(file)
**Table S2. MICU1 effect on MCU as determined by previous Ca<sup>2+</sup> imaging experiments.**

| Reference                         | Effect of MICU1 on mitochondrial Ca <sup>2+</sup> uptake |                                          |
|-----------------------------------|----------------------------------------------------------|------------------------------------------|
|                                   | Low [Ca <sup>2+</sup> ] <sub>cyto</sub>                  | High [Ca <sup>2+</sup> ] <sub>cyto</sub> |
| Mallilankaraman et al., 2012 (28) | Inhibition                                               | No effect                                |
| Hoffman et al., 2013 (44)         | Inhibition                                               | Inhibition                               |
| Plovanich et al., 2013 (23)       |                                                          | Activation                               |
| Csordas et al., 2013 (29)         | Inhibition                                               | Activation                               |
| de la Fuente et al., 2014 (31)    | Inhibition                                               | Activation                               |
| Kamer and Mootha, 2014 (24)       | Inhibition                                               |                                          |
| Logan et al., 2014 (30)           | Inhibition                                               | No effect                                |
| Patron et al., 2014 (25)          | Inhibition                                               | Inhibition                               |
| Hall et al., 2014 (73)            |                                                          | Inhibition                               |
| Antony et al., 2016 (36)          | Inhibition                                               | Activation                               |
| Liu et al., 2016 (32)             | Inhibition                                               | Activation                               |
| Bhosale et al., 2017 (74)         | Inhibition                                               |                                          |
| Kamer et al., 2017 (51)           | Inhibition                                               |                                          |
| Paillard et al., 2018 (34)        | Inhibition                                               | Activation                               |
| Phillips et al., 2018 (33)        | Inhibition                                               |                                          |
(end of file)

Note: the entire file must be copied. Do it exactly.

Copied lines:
**Table S2. MICU1 effect on MCU as determined by previous Ca<sup>2+</sup> imaging experiments.**

| Reference                         | Effect of MICU1 on mitochondrial Ca <sup>2+</sup> uptake |                                          |
|-----------------------------------|----------------------------------------------------------|------------------------------------------|
|                                   | Low [Ca <sup>2+</sup> ] <sub>cyto</sub>                  | High [Ca <sup>2+</sup> ] <sub>cyto</sub> |
| Mallilankaraman et al., 2012 (28) | Inhibition                                               | No effect                                |
| Hoffman et al., 2013 (44)         | Inhibition                                               | Inhibition                               |
| Plovanich et al., 2013 (23)       |                                                          | Activation                               |
| Csordas et al., 2013 (29)         | Inhibition                                               | Activation                               |
| de la Fuente et al., 2014 (31)    | Inhibition                                               | Activation                               |
| Kamer and Mootha, 2014 (24)       | Inhibition                                               |                                          |
| Logan et al., 2014 (30)           | Inhibition                                               | No effect                                |
| Patron et al., 2014 (25)          | Inhibition                                               | Inhibition                               |
| Hall et al., 2014 (73)            |                                                          | Inhibition                               |
| Antony et al., 2016 (36)          | Inhibition                                               | Activation                               |
| Liu et al., 2016 (32)             | Inhibition                                               | Activation                               |
| Bhosale et al., 2017 (74)         | Inhibition                                               |                                          |
| Kamer et al., 2017 (51)           | Inhibition                                               |                                          |
| Paillard et al., 2018 (34)        | Inhibition                                               | Activation                               |
| Phillips et al., 2018 (33)        | Inhibition                                               |                                          |